THE COVID DOCTOR IS IN … THE CAMPAIGN— The pandemic has turned the intensive-care unit doctor into a cultural superstar on the order of Peloton and Zoom. ICU docs are everywhere: in your Twitter feed, on your cable news channel, on your op-ed page. They’re saving lives, sure, but they’re also a new brand of public intellectual — and political candidate.
There’s even one running for governor of Tennessee. Nightly editor Chris Suellentrop talked to Jason Martin, a 46-year-old critical care doctor from Nashville who’s never run for public office before, last month about his quest to win the Democratic nomination this summer in the party’s long-shot bid to unseat the incumbent Republican, Bill Lee.This conversation has been edited.
Do you agree that the pandemic has changed the perception of the ICU doctor in our society?
I joke with my friends that this is an opportunity for me to get involved, because no one is ever going to care what a pulmonologist/critical care doctor thinks in a year or two. There’s some credit here that we can spend. So I think that’s totally true.
I lost my dad in an ICU in 2014. That was a life-changing, and career-changing, experience for me. Being on the other side allows you to know what empathy means. The right answer is not always clear. You have to try different things. You have to listen to people. You have to put together a plan and a collaborative group.
Those are skills that translate directly to government. People ask me all the time: “You’re not a chief executive. You don’t have business experience. What makes you think you can jump into being governor?” I tell people: Government is not a business. Government exists to solve big problems that we can’t solve on our own. And that’s exactly what I do in the ICU every single day.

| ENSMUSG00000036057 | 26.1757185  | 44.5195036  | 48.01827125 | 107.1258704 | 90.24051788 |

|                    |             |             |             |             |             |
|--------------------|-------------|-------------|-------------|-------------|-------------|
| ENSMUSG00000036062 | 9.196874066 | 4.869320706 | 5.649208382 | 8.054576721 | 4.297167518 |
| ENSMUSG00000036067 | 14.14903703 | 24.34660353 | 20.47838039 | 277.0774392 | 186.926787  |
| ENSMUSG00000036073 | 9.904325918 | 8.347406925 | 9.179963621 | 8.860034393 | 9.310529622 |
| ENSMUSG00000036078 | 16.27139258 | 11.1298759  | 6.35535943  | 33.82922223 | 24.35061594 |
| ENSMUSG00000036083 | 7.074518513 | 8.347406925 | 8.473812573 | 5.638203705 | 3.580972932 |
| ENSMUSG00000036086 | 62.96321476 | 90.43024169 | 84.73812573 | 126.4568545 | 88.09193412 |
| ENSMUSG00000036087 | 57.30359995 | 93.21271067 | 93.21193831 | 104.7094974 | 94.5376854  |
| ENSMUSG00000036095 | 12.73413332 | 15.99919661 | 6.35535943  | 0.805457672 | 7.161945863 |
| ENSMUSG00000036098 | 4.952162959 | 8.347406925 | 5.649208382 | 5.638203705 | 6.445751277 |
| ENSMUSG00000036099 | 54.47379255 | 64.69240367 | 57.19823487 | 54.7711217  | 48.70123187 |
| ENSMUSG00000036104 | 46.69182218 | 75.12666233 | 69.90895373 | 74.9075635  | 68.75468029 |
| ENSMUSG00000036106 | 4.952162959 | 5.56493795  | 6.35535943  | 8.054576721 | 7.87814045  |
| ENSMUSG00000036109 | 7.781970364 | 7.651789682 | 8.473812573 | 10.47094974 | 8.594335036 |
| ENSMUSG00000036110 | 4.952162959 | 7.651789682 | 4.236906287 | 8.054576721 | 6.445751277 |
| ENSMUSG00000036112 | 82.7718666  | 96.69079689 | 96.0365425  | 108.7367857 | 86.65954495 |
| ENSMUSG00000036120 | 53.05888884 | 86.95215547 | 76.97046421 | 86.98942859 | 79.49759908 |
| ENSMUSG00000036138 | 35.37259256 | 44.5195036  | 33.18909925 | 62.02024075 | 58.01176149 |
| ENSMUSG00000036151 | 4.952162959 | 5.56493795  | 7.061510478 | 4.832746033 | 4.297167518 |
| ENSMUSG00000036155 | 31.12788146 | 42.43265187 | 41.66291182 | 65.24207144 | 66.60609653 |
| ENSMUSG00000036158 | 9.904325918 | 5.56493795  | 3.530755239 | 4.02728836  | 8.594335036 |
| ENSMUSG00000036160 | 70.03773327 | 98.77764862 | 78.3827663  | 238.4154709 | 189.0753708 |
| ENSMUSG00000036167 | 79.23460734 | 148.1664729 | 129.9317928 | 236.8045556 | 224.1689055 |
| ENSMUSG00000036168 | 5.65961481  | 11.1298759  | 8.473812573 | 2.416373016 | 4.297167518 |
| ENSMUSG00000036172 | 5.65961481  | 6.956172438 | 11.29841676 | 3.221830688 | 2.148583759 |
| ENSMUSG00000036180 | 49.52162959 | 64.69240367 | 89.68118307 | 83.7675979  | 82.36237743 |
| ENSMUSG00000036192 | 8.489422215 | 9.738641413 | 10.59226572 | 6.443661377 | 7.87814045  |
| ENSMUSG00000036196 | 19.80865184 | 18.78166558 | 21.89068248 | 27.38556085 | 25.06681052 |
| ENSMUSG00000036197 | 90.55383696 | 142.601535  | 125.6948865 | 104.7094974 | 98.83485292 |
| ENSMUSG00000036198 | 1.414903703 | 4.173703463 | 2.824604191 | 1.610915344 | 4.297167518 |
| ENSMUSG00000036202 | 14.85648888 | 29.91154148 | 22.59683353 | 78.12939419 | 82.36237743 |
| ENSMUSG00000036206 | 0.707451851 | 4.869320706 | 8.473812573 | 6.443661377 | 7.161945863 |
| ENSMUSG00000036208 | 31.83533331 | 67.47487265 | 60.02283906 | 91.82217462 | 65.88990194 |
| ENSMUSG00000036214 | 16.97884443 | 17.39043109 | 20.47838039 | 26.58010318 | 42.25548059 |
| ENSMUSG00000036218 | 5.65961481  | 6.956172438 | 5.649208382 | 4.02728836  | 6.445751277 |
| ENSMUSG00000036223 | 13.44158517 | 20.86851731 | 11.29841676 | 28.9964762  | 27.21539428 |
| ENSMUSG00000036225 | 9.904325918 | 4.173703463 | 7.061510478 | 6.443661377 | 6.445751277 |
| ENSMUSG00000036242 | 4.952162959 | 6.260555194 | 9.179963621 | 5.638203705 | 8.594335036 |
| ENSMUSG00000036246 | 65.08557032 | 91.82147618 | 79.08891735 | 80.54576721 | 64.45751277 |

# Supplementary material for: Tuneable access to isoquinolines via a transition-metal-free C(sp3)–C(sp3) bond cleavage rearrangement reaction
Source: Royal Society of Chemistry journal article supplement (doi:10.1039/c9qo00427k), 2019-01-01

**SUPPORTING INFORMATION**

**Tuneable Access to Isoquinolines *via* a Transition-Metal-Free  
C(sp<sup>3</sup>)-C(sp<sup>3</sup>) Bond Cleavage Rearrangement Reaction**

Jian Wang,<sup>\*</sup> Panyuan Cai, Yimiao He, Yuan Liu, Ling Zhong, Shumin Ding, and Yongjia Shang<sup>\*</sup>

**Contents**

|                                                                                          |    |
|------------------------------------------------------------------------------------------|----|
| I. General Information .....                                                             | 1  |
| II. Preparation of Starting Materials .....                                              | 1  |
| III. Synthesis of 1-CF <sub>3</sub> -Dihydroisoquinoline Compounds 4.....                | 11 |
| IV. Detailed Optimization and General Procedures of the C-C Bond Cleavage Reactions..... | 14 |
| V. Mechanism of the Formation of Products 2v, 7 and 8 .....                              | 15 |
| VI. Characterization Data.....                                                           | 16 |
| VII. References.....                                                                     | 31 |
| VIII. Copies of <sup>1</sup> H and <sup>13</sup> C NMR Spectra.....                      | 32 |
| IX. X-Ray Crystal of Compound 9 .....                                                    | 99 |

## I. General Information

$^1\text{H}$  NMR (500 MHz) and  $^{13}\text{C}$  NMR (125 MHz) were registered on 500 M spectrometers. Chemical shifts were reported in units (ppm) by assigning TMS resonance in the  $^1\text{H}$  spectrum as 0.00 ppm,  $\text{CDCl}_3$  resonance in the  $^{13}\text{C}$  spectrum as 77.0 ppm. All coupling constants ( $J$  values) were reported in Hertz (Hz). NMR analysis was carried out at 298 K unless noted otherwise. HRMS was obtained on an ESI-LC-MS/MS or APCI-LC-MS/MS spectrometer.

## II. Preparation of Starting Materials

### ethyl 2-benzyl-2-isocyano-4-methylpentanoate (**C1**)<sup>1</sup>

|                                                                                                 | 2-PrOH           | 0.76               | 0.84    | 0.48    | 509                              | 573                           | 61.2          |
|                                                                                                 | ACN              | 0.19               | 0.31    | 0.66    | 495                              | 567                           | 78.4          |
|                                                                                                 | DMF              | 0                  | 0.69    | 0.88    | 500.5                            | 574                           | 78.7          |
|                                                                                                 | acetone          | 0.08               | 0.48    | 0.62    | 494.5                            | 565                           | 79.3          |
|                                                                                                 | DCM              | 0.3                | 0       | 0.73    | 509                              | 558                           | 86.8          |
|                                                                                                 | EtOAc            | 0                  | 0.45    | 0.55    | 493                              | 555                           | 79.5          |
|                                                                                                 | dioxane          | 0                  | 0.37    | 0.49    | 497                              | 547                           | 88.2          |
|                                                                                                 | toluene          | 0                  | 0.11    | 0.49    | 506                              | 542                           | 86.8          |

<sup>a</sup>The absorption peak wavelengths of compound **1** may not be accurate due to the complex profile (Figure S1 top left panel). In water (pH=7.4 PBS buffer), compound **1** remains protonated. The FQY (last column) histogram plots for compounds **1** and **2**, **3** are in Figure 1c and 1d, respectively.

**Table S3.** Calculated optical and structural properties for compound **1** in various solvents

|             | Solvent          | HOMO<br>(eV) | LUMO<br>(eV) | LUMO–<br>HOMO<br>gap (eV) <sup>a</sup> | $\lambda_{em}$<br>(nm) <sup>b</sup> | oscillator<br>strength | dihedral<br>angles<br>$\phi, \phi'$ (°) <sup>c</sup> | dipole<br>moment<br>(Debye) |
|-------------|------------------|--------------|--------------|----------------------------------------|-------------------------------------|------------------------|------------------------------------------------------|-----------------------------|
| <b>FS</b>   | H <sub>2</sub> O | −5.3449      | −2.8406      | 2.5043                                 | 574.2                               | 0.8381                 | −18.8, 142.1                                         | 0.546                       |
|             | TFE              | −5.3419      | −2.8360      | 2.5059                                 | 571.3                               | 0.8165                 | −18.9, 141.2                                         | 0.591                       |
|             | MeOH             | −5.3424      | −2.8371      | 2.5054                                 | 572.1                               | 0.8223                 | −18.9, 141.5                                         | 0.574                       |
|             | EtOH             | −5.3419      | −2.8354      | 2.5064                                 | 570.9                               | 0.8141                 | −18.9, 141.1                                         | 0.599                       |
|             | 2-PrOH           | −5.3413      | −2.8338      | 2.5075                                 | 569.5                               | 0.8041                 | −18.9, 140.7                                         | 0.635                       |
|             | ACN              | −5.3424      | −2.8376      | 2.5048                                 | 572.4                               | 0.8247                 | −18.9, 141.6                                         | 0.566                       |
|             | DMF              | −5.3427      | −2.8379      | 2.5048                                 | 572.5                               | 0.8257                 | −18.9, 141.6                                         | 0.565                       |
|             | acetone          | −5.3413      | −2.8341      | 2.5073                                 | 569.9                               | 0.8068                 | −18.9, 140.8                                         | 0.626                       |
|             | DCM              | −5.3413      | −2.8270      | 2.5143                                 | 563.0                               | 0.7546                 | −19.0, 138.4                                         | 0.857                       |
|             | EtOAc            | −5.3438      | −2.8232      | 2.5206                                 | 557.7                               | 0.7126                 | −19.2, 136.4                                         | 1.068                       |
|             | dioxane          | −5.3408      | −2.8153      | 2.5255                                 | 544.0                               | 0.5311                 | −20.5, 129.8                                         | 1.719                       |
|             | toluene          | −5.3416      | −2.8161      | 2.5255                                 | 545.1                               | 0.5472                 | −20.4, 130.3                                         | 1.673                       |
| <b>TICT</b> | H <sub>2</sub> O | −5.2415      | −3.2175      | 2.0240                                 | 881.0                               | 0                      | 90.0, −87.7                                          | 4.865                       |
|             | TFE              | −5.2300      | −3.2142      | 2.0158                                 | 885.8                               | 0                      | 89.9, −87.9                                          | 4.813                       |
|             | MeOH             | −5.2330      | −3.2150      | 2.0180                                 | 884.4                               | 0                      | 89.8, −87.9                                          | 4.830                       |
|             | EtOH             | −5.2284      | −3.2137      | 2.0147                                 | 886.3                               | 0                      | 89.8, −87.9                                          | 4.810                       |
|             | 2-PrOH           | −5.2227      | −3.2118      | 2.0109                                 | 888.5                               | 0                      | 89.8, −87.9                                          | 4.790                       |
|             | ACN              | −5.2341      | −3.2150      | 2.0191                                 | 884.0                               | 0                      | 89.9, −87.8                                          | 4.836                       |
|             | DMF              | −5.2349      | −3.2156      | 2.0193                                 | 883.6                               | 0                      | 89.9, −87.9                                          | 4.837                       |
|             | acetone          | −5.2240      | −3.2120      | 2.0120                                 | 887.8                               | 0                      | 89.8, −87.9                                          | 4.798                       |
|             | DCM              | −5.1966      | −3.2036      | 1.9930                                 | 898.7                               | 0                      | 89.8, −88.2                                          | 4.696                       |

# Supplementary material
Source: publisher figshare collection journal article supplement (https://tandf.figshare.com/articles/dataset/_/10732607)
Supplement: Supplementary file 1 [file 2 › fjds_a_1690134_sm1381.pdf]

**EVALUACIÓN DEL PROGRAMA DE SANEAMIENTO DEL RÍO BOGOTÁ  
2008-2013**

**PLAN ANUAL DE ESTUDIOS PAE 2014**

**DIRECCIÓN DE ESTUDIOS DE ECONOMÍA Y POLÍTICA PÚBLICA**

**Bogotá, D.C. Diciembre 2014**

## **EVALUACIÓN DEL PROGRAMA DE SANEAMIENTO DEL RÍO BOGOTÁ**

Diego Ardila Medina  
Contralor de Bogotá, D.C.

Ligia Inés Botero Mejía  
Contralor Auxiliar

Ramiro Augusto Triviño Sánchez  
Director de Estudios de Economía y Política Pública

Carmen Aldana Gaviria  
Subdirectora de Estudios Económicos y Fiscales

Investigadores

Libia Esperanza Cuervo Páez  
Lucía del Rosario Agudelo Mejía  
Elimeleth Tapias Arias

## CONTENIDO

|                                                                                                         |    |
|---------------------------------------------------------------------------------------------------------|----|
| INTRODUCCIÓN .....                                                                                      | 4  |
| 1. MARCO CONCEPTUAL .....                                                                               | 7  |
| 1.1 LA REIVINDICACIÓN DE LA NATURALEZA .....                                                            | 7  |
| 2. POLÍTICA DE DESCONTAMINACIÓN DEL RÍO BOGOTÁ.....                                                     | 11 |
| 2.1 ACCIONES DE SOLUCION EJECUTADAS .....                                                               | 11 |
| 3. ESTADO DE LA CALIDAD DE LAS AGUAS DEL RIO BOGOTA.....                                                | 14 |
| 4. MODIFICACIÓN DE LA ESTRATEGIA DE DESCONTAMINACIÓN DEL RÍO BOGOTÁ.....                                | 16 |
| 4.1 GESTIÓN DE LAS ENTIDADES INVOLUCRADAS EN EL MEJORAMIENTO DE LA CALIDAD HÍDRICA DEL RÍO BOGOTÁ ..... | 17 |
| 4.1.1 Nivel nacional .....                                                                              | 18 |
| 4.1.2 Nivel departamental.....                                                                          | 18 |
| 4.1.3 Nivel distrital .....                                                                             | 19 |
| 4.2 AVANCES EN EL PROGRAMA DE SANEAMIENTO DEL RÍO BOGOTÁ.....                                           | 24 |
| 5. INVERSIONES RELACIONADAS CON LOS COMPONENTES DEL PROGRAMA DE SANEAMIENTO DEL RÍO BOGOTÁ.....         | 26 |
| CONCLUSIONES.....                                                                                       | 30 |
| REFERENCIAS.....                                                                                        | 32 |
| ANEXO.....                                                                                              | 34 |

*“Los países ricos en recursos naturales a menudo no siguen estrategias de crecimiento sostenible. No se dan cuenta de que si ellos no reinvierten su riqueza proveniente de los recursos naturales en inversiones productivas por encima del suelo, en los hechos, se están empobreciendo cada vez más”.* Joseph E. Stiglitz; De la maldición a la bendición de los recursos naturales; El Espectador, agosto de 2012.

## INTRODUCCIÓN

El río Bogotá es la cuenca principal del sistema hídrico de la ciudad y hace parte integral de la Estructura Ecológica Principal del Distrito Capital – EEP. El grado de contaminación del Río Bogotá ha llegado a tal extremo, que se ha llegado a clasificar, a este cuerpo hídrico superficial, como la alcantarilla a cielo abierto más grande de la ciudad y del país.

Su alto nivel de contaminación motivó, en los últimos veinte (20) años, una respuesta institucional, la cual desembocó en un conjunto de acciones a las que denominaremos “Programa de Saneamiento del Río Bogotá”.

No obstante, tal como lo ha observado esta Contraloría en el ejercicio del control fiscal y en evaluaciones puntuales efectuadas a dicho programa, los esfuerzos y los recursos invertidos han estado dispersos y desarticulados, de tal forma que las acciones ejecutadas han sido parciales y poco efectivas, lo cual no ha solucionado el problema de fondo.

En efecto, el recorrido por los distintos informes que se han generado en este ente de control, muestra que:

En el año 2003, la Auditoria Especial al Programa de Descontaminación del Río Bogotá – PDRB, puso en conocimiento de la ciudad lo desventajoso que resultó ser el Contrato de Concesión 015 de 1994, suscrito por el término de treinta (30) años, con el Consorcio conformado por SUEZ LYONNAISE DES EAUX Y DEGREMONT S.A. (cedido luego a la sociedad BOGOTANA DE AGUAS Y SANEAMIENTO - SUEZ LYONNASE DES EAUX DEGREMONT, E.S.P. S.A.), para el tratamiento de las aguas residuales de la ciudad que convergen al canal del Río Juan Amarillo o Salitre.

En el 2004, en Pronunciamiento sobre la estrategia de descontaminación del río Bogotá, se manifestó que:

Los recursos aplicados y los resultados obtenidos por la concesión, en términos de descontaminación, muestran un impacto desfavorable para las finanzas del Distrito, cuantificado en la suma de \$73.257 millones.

What was the start of the pandemic like for you?
For seven, eight weeks, I was completely separated from my family. We were hit very early on with a nursing home outbreak. So in like three days time, we got 100 octogenarians, basically, admitted to our hospital. And it’s a 100-bed hospital. We were overwhelmed at the outset.
This was the first time since training, since I was an intern, that I walked into the building and everything looked unfamiliar.
How does that compare to how the pandemic feels right now?
We are way understaffed. We can’t hire or keep nurses. And it’s not the administration’s fault. It’s a national problem. We’ve got three dozen nurses out with Covid, currently, because it’s so rampant in our community.
In mid-January, we were down to one ventilator in the hospital. We’ve got a contingency plan. The state will bring us more ventilators. It’s not like someone’s going to go without a ventilator. But that’s where we were. Our supply of 18 ventilators for an 18-bed ICU was down to one. And the curve and tendency was still straight up.
And all this is happening in the setting of nobody caring anymore. I don’t mean for me. I feel this, too. People are fatigued. They’re over it.
In the improbable circumstance that you become the governor of Tennessee, what policies would you adopt to manage that tension, that there’s an ongoing health care crisis at the same time that people are really tired of the pandemic and want things to be normal again?
I think there needs to be someone who is not actively working against us. What we were feeling was never matched by our governor. I think school districts should have some local control. If you feel like masks are necessary in your schools to keep your students and your kids safe, the governor should not override that with an executive order, which is what happened here. I would not threaten to defund the Department of Health for vaccine outreach to minors. Getting people vaccinated is the way we reduce severe and life-threatening disease.
I tell people all the time that freedom without responsibility is not liberty. It’s adolescence. And that’s what we’re dealing with right now in state government.